“Bingo! I think is the proper interpretation,” I wrote to one career CIA China specialist. “This could be fun.” But “remember I have no idea what this fellow’s real name is, who he works for, or how to trace him. But quite bold – asking to pay me for providing information about two of the most sensitive priority US-China strategic flash point issues in the bilateral balance of power slow motion tussles in SEA. But he did, obviously, get to the point of what his interests are. I am not sure how to proceed, although quite sure engaging in a professional relationship is not on the table. But stringing him along could be fun.”
“Unusually forward-leaning,” the China specialist responded. “Almost a cold pitch… Got some background-checking going. I’ll get back to you.”
Specifically, they requested US government “current policy strategy” on several top hot-button issues between China and the United States. They requested, in writing: 1/ US government strategy on the billion-dollar Chinese Burmese gas pipeline 2/ Spratly Islands 3/ secret talks between the US and North Korea held in Singapore in January 2015 4/ Offered me cash. 5/ Asked me specifically to use my “Washington government social circles” and focus on the “State Department and National Security Council” for my investigations to pass them “information not available on the internet. We already have project managers who do that” 6/ And asked me to meet them in person in Shanghai.”
It would have been insane to discuss cooperation without first alerting America’s spooks, not for the least reason that I could be misinterpreted by U.S. intelligence as, not pursuing journalism but rather working as a spy for the intelligence services of the communist party of the People’s Republic of China.
“The MSS trying to recruit you as a spy may look like silly email chains,” said Joshua Philipp, an investigative reporter who specializes in Chinese intelligence for the exiled Chinese publication Epoch Times. “But those are the same guys who ripped apart the CIA’s operations in China in the last couple of years.”
I was warned by several well-placed US government intelligence agents and independent Chinese intelligence analysts to be cautious and specifically to stay out of Shanghai, concerned that continuing to communicate with the Chinese could be misinterpreted by American counter-intelligence agents, via the vast communications interception powers accorded American law enforcement and intelligence agencies since 9/11, and I might find myself in deeper than I could extricate myself.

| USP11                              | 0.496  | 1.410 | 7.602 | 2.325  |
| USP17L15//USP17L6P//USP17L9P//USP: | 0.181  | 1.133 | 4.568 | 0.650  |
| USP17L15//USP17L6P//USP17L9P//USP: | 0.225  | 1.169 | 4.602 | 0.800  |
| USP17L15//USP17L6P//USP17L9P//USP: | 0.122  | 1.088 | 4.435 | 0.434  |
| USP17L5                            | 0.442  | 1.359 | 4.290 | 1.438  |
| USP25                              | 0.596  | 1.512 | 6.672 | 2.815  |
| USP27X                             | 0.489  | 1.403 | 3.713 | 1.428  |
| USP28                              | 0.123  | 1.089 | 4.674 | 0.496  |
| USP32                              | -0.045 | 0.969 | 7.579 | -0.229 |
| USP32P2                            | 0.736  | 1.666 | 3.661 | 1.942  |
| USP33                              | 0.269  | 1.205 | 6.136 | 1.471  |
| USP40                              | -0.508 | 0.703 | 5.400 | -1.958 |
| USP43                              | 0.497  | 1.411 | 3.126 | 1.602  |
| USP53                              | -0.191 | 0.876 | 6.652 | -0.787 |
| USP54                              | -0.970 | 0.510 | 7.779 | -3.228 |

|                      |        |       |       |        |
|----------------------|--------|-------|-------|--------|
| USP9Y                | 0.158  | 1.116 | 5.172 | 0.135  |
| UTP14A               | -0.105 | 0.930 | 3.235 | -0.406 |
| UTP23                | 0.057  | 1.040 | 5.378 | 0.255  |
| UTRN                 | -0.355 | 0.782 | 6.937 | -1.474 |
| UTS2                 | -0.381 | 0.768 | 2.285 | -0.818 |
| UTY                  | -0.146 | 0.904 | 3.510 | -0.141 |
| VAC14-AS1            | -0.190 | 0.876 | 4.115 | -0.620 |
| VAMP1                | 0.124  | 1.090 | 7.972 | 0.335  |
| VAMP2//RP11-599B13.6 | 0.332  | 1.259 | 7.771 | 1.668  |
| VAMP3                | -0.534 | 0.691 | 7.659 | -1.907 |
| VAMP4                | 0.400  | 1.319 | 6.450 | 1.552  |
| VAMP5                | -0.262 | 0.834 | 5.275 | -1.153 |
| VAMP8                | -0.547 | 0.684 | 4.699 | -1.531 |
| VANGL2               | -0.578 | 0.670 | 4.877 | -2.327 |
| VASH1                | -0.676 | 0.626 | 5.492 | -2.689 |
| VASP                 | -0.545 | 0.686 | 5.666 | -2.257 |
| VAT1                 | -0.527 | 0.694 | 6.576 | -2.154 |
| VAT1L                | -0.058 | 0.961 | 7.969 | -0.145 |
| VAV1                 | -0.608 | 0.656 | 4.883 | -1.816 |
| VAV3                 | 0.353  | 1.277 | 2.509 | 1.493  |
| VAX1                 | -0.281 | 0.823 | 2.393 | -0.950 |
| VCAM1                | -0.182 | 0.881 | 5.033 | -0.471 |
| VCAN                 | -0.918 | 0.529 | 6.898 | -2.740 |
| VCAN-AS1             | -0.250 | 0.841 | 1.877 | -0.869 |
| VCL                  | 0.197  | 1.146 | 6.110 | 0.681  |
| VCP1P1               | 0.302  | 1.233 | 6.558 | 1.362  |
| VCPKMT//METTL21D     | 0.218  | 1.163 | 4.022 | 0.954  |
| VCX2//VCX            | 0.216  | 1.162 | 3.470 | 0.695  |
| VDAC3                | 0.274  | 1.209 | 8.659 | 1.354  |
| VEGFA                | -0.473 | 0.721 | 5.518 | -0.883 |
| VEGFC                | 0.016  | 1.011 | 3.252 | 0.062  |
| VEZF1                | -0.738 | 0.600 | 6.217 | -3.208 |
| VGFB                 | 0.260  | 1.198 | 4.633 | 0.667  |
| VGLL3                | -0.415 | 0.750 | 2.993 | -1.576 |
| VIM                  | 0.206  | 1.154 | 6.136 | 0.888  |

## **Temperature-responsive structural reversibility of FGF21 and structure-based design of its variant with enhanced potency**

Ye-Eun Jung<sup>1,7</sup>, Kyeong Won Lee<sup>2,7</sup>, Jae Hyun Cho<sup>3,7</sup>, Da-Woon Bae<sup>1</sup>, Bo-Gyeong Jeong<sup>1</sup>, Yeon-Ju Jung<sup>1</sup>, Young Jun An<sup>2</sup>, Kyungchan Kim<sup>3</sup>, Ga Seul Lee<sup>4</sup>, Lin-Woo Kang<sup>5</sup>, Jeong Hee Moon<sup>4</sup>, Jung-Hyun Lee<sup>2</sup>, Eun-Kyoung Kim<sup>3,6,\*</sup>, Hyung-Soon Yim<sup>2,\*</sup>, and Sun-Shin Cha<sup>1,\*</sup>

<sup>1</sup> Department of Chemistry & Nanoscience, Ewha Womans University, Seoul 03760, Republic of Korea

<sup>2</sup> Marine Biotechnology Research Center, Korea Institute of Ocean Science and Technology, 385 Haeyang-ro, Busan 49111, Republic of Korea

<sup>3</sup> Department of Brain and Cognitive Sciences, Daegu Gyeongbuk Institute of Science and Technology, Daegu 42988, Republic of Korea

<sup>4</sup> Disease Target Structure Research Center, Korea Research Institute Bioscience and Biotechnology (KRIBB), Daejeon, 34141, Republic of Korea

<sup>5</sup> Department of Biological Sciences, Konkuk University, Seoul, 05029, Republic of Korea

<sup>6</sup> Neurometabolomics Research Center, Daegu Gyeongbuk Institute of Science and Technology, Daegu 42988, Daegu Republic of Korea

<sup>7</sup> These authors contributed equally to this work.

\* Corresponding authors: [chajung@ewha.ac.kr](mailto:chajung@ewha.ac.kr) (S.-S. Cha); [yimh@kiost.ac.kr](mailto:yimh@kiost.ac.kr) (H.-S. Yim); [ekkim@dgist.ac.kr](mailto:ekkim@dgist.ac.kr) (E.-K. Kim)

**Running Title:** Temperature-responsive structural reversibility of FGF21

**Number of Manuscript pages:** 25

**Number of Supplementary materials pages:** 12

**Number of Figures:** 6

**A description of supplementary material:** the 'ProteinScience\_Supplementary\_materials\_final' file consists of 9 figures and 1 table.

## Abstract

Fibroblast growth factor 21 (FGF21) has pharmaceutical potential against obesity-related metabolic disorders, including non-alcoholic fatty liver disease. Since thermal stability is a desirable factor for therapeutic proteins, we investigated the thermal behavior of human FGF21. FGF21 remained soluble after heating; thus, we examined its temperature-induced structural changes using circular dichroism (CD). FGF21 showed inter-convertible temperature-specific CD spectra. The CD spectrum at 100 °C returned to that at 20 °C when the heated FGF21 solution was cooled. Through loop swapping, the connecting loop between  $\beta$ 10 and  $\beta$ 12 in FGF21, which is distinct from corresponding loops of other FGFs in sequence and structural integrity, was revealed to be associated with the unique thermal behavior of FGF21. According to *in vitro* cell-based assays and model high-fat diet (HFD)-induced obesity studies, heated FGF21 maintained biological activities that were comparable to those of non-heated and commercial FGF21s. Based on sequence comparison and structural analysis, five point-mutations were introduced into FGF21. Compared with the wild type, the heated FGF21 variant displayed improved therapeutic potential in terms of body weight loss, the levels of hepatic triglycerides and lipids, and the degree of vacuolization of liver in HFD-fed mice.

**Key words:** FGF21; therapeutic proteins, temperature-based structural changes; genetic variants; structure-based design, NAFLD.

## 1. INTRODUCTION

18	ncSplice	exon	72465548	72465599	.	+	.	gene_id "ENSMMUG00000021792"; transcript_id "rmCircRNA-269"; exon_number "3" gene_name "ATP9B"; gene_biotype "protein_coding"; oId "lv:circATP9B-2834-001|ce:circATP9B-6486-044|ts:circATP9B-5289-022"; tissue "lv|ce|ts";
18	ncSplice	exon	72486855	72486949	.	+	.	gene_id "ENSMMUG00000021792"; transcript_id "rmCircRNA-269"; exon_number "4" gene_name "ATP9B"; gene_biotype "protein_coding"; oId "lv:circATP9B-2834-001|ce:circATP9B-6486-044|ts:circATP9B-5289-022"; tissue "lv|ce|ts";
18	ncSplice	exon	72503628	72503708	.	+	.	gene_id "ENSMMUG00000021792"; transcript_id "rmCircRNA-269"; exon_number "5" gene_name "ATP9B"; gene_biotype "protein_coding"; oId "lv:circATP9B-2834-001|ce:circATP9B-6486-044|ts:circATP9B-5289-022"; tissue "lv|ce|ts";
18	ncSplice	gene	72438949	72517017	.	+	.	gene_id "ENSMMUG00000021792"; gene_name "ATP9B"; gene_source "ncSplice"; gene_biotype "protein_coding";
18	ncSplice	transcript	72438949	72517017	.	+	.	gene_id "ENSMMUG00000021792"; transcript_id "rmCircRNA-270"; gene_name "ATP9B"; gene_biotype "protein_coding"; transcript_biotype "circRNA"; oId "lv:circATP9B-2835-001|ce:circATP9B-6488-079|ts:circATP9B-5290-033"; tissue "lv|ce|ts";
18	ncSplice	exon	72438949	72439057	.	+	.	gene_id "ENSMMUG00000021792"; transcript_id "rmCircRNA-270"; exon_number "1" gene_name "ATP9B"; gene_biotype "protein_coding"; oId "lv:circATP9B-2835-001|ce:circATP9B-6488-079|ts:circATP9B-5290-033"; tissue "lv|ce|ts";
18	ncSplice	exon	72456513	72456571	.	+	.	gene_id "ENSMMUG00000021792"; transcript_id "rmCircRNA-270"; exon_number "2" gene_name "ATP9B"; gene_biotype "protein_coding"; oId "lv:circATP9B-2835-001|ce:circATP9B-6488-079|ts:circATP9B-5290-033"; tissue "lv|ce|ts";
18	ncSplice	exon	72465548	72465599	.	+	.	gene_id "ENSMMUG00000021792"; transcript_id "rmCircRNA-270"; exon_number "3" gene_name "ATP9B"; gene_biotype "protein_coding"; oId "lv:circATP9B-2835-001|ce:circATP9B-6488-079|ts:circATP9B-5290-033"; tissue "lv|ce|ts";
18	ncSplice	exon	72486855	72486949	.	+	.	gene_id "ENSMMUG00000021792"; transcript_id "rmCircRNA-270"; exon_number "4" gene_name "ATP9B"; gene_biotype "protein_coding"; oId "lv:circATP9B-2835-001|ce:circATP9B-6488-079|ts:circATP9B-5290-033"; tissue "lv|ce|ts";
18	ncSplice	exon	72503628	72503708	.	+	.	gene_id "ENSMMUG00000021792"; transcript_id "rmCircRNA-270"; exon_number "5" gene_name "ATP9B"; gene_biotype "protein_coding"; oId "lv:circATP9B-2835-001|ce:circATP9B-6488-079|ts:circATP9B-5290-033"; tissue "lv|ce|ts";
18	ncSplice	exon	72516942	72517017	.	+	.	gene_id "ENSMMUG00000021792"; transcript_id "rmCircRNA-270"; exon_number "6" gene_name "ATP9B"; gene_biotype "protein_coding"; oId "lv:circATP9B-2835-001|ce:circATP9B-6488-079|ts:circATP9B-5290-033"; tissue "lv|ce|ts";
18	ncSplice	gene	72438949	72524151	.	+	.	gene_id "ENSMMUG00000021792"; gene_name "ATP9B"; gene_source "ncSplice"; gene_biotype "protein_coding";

“Do not underestimate the surveillance powers or abilities we have. I do not have a lot of confidence in the FBI Counterintelligence division to know what they are doing. Be very careful,” said one former CIA China specialist.
One retired career US intelligence source then sent me a forensic analysis of the Chinese correspondence I had received, and passed on to him, by that point.
“Your guy seems to be up to no discernible good…all false flags and lots of reasons to be suspicious,” he wrote. “Analysts found no evidence that a ‘Shanghai Pacific & International Strategy Consulting Co’ actually exists,” wrote Dr James Mulvenon, vice president of Intelligence division and the director for the Center for Intelligence Research and Analysis – Defense Group and a specialist on Chinese military and cyber warfare whose team of linguist analysists analysed the computer communication s sent to me from China.
“The domain spsc.co appears to have never been used to host any website whatsoever…The sole LinkedIn profile associated with SPSC, ‘Daniel Huang,’ has zero connections to other LinkedIn members; there is a high probability that it is fake. The profile providing Chinese characters for Daniel Huang’s name but not for any of the places of his employment is a red flag, suggesting the LinkedIn profile has been created as persona backstopping to provide evidence of the company’s existence to foreigners…Given the totality of the circumstances, it appears highly likely that ‘Frank Hu is misrepresenting himself.”